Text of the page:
Location: Arkansas Children's Nutrition CenterTitle: Matrix effects break the LC behavior rule for analytes in LC-MS/MS analysis of biological samples
|FANG, NIANBAI - Arkansas Children'S Nutrition Research Center (ACNC)|
|YU, SHANGGONG - Arkansas Children'S Nutrition Research Center (ACNC)|
|RONIS, MARTIN - Arkansas Children'S Nutrition Research Center (ACNC)|
Submitted to: Experimental Biology and Medicine
Publication Type: Peer Reviewed Journal
Publication Acceptance Date: 8/21/2014
Publication Date: 4/1/2015
Citation: Fang, N., Yu, S., Ronis, M.J., Badger, T.M. 2015. Matrix effects break the LC behavior rule for analytes in LC-MS/MS analysis of biological samples.Experimental Biology and Medicine. 240(4):488-497.
Interpretive Summary: High-performance liquid chromatography (HPLC) and liquid chromatography-tandem mass spectrometry (LC-MS/MS) are well accepted techniques for detecting and quantitating compounds in biological samples, such as blood, urine and tissues. However, many samples have such complex mixtures of substances that make it very difficult to identify the specific compound of interest. While studying the chemical composition of urine, researchers at Arkansas Children’s Nutrition Center in Little Rock, Arkansas have found the a process known as the matrix effect is responsible for making HPLC and LC-MS/MS measurements inaccurate. They found that because of the matrix effect, the chemical behavior of bile acids in urine interfered with reliable detection and quantification of these compounds. This is the first characterization of this matrix effect. This finding could lead to improved techniques for qualitative and quantitative analyses of blood and urine, which could greatly improve several areas, such as drug development and sports drug testing.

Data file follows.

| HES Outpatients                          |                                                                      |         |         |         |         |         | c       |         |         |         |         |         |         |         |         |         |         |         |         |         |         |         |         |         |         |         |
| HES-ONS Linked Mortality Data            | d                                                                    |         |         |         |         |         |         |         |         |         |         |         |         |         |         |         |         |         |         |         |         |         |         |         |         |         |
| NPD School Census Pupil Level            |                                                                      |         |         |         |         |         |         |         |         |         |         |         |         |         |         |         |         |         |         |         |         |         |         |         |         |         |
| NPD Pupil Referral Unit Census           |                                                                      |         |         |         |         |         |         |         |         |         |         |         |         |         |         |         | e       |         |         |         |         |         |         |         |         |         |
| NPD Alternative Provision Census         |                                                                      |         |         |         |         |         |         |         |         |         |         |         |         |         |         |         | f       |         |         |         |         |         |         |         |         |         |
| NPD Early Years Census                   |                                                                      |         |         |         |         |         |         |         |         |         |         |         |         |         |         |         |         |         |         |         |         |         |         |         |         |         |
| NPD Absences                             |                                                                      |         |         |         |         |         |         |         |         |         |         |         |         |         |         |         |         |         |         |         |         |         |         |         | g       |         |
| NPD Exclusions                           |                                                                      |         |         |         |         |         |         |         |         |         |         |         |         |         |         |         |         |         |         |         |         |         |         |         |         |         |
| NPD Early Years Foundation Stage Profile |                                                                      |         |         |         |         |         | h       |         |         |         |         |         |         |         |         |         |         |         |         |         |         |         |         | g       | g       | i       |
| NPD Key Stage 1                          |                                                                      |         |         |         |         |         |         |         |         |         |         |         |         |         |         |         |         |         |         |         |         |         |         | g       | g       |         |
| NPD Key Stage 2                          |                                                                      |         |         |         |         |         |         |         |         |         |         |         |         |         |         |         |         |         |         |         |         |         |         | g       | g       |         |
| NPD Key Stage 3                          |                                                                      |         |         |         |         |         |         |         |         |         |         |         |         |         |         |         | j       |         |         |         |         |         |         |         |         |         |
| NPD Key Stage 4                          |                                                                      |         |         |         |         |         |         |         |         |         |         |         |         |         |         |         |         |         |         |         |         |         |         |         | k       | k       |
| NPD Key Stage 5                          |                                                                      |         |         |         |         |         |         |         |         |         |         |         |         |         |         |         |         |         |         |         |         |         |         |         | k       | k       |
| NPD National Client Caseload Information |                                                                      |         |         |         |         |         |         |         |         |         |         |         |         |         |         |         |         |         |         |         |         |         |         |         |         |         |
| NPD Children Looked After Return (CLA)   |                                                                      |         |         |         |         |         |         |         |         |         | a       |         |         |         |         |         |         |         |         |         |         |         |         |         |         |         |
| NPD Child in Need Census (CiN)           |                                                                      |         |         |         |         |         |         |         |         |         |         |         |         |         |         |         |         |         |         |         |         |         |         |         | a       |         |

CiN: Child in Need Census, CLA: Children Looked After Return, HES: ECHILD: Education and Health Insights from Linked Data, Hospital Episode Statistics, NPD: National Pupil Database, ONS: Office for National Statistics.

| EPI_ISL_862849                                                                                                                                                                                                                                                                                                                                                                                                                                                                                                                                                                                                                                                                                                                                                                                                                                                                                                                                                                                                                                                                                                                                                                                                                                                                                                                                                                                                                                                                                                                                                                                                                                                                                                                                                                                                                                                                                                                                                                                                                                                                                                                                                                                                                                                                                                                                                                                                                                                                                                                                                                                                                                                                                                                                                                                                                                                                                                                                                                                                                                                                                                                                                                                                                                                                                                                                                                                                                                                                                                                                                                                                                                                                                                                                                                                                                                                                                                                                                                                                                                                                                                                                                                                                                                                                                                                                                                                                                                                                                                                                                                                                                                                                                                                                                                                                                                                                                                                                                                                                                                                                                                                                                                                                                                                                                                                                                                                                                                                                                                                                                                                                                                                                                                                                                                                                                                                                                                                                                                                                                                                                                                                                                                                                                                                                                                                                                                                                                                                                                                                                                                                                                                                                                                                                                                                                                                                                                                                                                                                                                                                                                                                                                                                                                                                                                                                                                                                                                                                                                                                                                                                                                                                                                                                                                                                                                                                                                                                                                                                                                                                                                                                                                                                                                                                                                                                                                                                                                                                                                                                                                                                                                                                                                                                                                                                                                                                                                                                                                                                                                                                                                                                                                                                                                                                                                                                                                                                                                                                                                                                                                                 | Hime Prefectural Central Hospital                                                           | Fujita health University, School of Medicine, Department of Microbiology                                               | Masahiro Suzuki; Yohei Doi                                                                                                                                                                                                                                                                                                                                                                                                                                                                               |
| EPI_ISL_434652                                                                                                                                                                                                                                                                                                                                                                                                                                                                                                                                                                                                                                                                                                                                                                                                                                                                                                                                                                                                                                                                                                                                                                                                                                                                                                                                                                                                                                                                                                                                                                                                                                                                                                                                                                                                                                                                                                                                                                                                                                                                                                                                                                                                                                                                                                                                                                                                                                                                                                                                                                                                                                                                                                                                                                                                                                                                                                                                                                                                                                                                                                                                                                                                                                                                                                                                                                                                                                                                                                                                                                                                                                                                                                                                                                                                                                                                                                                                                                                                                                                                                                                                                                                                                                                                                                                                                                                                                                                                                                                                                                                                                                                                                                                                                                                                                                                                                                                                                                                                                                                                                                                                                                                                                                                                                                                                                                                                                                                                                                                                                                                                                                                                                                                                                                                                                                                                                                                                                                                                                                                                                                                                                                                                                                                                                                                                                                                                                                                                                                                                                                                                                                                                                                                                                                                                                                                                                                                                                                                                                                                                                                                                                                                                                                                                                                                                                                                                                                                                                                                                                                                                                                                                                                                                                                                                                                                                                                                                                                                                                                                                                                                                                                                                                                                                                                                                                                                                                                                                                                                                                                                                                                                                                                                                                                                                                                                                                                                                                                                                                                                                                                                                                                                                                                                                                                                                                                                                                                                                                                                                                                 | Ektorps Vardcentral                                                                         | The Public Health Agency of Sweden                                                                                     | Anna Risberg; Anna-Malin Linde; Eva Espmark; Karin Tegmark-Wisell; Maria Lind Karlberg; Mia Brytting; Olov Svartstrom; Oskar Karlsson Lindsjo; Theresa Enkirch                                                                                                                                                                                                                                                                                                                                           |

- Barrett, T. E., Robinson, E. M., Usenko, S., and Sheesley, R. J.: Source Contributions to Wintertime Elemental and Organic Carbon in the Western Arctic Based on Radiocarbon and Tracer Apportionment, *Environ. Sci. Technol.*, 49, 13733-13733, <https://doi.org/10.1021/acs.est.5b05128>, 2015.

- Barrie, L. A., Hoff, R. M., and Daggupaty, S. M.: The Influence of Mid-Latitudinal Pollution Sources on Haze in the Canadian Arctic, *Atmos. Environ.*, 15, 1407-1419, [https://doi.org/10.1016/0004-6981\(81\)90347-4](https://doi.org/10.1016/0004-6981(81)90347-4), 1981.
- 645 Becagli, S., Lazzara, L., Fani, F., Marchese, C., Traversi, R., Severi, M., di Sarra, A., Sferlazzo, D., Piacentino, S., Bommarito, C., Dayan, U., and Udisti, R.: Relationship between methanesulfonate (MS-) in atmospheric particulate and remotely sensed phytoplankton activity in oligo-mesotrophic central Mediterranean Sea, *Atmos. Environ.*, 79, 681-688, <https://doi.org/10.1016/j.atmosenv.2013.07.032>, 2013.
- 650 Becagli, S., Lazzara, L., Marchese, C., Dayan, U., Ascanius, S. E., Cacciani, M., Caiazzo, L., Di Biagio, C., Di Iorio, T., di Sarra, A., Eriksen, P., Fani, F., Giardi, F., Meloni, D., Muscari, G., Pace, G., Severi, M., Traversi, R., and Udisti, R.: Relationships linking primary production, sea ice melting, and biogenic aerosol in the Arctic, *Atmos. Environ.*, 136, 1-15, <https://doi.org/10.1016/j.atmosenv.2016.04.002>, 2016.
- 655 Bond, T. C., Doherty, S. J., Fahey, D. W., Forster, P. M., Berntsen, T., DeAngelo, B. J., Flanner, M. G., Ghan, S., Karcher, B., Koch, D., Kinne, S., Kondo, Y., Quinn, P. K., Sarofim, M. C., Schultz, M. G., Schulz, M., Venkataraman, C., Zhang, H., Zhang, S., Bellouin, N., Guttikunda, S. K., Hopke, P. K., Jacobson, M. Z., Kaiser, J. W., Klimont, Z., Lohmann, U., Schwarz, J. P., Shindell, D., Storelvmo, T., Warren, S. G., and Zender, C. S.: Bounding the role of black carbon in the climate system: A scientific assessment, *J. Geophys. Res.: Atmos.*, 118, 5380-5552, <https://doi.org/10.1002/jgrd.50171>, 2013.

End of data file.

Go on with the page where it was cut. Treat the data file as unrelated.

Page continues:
Technical Abstract: High-performance liquid chromatography (HPLC) and liquid chromatography-tandem mass spectrometry (LC-MS/MS) are generally accepted as the preferred techniques for detecting and quantitating analytes of interest in biological matrices on the basis of the rule that one chemical compound yields one LC-peak with reliable retention time (Rt.). However, in the current study, we have found that under the same LC-MS conditions, the Rt. and shape of LC-peaks of bile acids in urine samples from animals fed dissimilar diets differed significantly among each other. To verify this matrix effect, 17 authentic bile acid standards were dissolved in pure methanol or in methanol containing extracts of urine from pigs consuming either breast milk or infant formula and analyzed by LC-MS/MS. The matrix components in urine from piglets fed formula significantly reduced the LC-peak Rt. and areas of bile acids. This is the first characterization of this matrix effect on Rt. in the literature. Moreover, the matrix effect resulted in an unexpected LC behavior: one single compound yielded two LC-peaks, which broke the rule of one LC-peak for one compound. The three bile acid standards which exhibited this unconventional LC behavior were chenodeoxycholic acid, deoxycholic acid, and glycocholic acid. One possible explanation for this effect is that some matrix components may have loosely bonded to analytes, which changed the time analytes were retained on a chromatography column and interfered with the ionization of analytes in the MS ion source to alter the peak area. This study indicates that a comprehensive understanding of matrix effects is needed towards improving the use of HPLC and LC-MS/MS techniques for qualitative and quantitative analyses of analytes in pharmacokinetics, proteomics/metabolomics, drug development, and sports drug testing, especially when LC-MS/MS data are analyzed by automation software where identification of an analyte is based on its exact molecular weight and Rt.